Do you typically do post-backs of user sign-up gender selections (of course without PII), to verify that a certain network is driving the purported amount of female or male users that they claim they are?
No. We can see those stats on our end after a user signs up and then we’ll send a generalized report to our partners on percent females per channel.
What are some of the strategies you use when moving into a new market, to grow the two-sided marketplace of male/female users in a balanced way?
You look at the existing organic traffic and see if you’re monetizing those users at all. If so, then we’ll usually run a campaign on Facebook to see how well we can do attracting female users. We can run it in-house and shut it off once we have enough data. We’ll run both male and female targeted campaigns to see what the split is. If it’s 9 to 1, or worse — and, believe me, I’ve seen worse — we’ll know it doesn’t make sense to try to run campaigns there. There’s a bunch of countries where we can get all the thirteen cent male installs we want, but we’d be lucky to get half a dozen female installs. It’s crazy.
Is publisher/sub-source transparency important for you? If so, do you typically ask the network to share a hashed ID of the their publisher partner, or do some networks give you the actual publisher name in which they are serving impressions?
Sub-publisher visibility is really important for optimizing campaigns, getting rid of poor quality traffic, and detecting fraud. I’d love to get the actual names of the sub-partners and publishers that our partners use but I don’t think that’ll ever happen. At least, not with any regularity.
If it’s utilized properly, I think it could be an amazing tool. From what I’ve seen, so far, it still requires a lot of upfront work and research. We’re starting to see what programmatic can do and it’s very exciting. I’m also a huge believer in really good creative, though. I got my start in San Francisco working at a really big advertising agency back when TV, print and radio was all anyone did. The end of the Mad Men era of advertising. And I still believe in the power of a really good ad. So, while getting your ads in front of as many of the right type of users as possible is super important, you still need to entice them to click on it.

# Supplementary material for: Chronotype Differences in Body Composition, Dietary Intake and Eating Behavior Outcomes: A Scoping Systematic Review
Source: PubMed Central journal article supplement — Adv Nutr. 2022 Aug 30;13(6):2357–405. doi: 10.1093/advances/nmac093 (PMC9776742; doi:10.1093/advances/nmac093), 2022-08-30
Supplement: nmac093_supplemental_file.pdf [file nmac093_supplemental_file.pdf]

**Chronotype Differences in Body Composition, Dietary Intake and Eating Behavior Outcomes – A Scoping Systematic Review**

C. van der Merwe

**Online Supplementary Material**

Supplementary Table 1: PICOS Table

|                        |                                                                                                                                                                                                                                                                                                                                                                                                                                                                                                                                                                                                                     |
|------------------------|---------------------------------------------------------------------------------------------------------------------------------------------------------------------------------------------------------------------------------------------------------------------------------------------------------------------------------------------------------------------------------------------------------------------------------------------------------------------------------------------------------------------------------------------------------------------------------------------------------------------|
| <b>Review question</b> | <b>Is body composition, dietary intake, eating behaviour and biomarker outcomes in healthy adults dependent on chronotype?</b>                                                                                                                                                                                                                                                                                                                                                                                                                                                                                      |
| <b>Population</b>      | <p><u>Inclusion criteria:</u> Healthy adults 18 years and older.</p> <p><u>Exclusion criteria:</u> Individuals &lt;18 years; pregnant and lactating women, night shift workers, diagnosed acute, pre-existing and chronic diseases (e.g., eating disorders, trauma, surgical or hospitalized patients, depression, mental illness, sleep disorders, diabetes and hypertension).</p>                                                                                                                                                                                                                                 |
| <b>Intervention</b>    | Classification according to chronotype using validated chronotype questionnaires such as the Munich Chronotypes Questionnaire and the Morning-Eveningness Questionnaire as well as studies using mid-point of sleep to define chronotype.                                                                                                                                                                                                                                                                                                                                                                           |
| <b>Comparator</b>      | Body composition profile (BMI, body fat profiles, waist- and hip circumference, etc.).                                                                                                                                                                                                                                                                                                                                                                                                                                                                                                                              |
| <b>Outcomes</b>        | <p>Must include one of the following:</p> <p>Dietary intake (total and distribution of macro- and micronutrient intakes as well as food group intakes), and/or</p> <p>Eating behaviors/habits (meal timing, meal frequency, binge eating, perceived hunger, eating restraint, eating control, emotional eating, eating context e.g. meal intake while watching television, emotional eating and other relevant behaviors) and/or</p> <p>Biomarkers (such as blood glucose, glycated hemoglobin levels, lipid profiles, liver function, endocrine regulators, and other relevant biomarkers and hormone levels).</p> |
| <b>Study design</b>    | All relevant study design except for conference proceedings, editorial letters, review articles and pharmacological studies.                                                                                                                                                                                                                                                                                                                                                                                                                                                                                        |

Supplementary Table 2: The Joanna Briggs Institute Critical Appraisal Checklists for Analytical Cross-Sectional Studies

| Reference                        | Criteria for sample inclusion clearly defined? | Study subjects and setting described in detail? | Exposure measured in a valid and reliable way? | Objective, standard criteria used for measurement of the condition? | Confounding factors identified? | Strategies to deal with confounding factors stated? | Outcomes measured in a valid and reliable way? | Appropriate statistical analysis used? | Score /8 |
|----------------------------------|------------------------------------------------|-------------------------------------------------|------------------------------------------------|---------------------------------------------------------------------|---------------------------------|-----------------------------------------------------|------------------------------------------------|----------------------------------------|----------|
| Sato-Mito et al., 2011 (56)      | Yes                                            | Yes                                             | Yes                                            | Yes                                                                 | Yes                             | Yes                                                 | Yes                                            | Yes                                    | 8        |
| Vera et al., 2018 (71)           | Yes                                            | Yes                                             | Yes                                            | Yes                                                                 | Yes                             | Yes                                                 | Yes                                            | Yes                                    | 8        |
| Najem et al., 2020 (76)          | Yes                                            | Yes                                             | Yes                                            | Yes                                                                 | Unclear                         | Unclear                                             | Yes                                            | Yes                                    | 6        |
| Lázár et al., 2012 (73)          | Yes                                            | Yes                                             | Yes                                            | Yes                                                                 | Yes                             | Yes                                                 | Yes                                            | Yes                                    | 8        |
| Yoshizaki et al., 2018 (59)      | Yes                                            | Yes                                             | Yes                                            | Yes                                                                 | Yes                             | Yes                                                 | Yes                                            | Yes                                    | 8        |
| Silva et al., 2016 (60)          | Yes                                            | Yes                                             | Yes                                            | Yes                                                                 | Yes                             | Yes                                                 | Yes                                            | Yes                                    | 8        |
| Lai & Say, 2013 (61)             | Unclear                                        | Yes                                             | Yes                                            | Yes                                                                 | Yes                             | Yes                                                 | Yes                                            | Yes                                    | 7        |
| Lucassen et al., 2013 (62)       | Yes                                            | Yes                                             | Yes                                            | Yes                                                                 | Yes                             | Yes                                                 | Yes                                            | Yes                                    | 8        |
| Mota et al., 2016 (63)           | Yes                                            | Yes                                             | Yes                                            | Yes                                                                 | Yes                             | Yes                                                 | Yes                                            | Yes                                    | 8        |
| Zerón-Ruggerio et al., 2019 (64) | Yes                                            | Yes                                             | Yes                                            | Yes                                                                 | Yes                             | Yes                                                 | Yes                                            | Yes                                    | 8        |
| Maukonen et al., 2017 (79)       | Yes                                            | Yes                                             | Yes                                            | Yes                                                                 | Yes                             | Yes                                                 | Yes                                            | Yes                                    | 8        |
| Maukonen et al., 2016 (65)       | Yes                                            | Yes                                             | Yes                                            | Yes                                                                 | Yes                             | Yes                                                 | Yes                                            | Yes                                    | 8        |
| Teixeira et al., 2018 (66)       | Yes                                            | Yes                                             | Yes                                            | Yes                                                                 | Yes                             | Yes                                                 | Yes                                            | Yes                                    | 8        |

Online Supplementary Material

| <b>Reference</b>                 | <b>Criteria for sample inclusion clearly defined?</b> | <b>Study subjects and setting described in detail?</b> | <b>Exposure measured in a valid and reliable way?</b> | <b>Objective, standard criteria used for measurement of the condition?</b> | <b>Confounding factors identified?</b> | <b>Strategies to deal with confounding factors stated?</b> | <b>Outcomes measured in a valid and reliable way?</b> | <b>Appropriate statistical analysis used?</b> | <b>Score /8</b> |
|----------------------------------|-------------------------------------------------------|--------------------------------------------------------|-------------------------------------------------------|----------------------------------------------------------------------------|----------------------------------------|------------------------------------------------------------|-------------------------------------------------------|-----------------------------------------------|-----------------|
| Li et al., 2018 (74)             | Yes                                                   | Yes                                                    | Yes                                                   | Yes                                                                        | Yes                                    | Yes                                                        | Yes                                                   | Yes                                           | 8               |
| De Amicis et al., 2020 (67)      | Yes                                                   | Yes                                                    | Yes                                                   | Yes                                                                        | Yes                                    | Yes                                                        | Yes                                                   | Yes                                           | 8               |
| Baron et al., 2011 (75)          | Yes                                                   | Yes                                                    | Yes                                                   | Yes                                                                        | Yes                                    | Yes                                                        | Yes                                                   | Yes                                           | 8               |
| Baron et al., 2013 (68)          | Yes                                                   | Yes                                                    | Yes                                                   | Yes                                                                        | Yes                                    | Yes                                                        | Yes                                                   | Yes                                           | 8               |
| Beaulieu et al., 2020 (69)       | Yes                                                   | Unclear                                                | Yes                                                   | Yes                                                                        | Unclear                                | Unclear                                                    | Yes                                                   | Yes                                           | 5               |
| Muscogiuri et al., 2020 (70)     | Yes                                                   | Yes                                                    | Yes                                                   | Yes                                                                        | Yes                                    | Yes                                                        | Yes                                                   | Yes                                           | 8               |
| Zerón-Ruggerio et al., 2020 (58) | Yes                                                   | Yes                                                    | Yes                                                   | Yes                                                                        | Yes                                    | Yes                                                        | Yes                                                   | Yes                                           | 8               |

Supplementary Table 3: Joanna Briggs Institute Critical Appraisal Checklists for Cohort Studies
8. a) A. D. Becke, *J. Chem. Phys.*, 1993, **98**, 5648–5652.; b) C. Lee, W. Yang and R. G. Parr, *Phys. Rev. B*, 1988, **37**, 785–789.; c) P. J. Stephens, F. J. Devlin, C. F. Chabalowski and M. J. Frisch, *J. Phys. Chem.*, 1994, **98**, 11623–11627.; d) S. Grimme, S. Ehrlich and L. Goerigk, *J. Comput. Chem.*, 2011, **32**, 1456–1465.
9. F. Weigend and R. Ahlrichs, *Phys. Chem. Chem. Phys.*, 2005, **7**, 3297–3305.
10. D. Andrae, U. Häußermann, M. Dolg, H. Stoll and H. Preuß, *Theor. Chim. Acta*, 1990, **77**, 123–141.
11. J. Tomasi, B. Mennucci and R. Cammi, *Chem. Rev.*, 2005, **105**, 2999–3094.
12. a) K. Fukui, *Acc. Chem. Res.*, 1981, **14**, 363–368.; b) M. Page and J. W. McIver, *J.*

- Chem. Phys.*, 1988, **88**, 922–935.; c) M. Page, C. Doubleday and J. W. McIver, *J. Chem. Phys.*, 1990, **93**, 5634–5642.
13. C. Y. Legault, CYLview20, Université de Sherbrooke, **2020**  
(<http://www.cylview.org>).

Data. Looking at lots and lots of data. I know what our baseline metrics are for incent and non-incent, video and banner ads, and such. If I see that installs are converting to users at half the normal rate, something is up. If you sell me 500 installs and I get zero users out of them, I’m not paying for it. You just have to be very vigilant because there are shady networks out there and they will try to sneak in all sorts of junk and hope you don’t notice.
Yeah, absolutely. We buy traffic to drive organic. Part of that involves buying enough to drive rank in the app stores. Being visible when someone is searching for new apps is incredibly important. And with every new user you acquire, you hope that they get a few of their friends to download it, as well.
Do you think that the ever-increasing CPI rates to acquire users is sustainable? Also, what do you see as the future of mobile user acquisition?
No, I think that prices will eventually level off. There will be some kind of course correction, or we’ll have the Dot Com 2.0 bubble burst, or something else will happen. The smaller fish will get out of the game completely, more inventory will free up, and prices will stabilize.
Skout is the leading global platform for meeting new people and expanding your social circle. Co-founded by Christian Wiklund and Niklas Lindstrom, the Skout community spans more than 180 countries, is available in 14 different languages and can be downloaded on iOS, Android and Windows devices. In 2014, Skout facilitated more than 500 million connections, and more than 10 million Journeys were taken through its Travel feature. The Andreessen Horowitz-backed company was founded in 2007 and is headquartered in San Francisco.